By Viraj Patel, published at Dartmouth Review on Friday, March 1, 2002
When the Boston Globe ran a series of articles by Patrick Healy on grade inflation a few months ago, all eyes laid on Harvard University, for, to its chagrin, Healy exposed its ‘dirty little secret’—that ‘since the Vietnam era, rampant grade inflation has made its top prize for students—graduating with honors—virtually meaningless.’ Apparently, in its Class of 2001, 91 percent of Harvard graduates received the ‘distinction’ of honors. At the other Ivy League schools, the number is much lower: Dartmouth, 40 percent; Yale, 51 percent; Princeton, 44 percent; Brown, 42 percent; Columbia, 25 percent; and Cornell, 8 percent. The University of Pennsylvania does not release statistics because Penn administrators believe it would violate students’ privacy.
To receive honors at Harvard, the standard is questionably low. Harvard requires only a B-minus average in one’s major to be awarded cum laude. To earn honors in a major at Dartmouth one must write a thesis that is the product of ‘work that is greater in depth and scope than that normally required for the major’ and generally have an average of at least a B-plus in the major and at least a B in all courses. One can also earn general honors at Dartmouth through grades only, but it is limited to the top third of the class.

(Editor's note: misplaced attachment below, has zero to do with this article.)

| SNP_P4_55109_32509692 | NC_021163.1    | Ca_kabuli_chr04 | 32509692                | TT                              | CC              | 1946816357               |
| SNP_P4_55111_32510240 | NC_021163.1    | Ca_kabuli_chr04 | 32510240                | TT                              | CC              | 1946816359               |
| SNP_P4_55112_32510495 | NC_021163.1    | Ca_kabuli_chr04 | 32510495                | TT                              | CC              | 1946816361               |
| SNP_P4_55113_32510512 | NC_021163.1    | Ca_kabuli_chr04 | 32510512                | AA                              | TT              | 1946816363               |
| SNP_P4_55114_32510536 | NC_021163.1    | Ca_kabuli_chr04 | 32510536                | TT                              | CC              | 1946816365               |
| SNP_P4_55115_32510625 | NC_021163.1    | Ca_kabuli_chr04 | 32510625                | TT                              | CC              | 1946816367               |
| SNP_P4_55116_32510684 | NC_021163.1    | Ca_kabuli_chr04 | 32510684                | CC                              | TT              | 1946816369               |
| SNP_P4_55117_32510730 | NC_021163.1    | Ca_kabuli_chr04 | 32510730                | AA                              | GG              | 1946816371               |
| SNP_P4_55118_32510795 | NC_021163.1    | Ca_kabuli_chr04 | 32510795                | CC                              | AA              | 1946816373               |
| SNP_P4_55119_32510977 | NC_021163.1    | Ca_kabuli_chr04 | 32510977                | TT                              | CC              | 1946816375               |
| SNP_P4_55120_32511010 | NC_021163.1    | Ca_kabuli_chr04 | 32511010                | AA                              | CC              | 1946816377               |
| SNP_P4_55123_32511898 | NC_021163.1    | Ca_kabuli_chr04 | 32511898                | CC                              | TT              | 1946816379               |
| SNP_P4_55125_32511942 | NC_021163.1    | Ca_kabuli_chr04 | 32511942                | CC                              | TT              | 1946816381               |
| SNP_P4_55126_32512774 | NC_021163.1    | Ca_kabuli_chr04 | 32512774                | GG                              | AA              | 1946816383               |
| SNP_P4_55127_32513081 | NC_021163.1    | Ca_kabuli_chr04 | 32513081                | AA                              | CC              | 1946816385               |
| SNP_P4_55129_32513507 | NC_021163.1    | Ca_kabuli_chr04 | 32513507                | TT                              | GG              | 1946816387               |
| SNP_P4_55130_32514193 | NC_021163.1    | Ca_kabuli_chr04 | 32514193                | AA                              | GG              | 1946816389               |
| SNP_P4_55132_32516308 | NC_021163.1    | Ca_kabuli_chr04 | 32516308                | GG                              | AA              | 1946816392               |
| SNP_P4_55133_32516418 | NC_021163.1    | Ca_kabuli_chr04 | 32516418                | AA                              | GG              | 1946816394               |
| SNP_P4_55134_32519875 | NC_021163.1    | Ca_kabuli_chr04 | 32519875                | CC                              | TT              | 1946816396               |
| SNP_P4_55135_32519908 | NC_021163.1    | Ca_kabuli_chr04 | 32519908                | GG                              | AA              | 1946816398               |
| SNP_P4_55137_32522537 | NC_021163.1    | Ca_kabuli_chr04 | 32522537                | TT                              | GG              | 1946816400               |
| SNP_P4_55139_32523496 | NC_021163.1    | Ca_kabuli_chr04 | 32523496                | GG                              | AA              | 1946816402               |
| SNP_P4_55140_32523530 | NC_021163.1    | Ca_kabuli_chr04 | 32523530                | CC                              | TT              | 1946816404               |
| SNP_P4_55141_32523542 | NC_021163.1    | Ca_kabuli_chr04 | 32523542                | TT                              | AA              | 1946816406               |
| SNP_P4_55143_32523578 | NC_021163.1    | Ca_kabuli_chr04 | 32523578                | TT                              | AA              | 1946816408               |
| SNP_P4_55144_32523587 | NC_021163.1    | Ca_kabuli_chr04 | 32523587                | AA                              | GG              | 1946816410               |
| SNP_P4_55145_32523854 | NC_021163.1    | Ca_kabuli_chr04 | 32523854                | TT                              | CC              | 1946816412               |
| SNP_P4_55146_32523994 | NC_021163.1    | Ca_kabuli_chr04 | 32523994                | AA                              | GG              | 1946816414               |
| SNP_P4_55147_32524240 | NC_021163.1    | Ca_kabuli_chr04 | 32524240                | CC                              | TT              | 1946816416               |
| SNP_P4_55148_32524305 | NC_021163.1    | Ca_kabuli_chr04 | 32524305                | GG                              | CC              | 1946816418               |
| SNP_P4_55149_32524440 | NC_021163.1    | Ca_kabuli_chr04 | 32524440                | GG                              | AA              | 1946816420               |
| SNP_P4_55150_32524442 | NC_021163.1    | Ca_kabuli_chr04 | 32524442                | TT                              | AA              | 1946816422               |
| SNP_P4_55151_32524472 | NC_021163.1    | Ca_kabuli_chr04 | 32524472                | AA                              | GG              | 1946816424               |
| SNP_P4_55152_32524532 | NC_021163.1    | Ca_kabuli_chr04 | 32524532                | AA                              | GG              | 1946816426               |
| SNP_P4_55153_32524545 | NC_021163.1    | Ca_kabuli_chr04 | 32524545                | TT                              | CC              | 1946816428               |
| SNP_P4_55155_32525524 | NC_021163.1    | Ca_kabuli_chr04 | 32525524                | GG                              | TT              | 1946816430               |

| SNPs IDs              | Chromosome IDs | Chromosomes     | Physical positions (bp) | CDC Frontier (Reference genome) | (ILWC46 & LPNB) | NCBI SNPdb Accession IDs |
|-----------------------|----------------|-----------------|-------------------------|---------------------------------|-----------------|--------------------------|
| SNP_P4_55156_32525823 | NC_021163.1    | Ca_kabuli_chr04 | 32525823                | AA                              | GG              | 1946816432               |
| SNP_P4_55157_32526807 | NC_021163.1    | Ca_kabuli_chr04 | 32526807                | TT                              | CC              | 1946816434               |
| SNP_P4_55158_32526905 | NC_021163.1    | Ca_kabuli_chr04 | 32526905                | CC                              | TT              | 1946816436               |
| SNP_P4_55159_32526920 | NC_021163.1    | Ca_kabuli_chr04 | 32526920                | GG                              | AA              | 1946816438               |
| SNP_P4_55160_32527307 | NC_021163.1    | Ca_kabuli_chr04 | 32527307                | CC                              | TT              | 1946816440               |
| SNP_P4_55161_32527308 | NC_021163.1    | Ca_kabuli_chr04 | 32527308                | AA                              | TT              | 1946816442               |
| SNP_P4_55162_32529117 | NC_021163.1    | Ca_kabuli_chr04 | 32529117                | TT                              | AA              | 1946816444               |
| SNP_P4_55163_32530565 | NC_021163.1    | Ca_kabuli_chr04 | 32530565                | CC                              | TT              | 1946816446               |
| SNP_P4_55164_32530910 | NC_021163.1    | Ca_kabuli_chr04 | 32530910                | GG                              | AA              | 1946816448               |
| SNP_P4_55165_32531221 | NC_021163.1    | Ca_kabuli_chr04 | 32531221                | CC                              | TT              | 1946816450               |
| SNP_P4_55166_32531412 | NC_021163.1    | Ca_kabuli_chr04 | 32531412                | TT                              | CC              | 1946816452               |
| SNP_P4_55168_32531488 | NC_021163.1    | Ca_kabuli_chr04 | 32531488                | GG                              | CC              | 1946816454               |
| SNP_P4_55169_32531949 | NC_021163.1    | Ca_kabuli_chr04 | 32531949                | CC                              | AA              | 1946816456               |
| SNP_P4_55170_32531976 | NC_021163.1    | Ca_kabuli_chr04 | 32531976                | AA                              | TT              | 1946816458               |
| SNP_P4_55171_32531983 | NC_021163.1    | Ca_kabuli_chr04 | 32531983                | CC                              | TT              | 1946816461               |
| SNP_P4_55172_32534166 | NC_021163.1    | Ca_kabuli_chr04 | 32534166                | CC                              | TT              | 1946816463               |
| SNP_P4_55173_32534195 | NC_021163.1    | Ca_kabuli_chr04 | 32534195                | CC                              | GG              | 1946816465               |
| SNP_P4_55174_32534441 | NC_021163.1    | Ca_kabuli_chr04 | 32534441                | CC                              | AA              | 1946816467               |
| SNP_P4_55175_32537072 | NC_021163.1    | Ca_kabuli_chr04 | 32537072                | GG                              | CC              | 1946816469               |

Thus, when Healy asked Dartmouth’s Dean of Faculty Jamshed Bharucha what he thought of Harvard’s high honors rate, his response was a supercilious but truthful: ‘It wouldn’t ever happen at Dartmouth.’ Yet how does Dartmouth compare to the other Ivies in terms of grade inflation itself?
In some respects Dartmouth has gotten relatively better. Due to a measure passed in 1994, Dartmouth has since added an extra notation beside the grade students receive on their transcripts: the median grade of each class and the number of students enrolled in each class. This way, if a student receives an A grade in a class, but the median grade is an A, meaning half of the class received an A or A-plus, an outsider reading a transcript will know that the grade is not very significant or not as meaningful as an A grade in a class with a median grade of a C. This theoretically should quell the tendency for students to enroll in classes only because the professor has a reputation for giving ‘easy A’s.’ It should also help to reduce instances of professors giving out unearned, high grades to boost enrollment into their classes.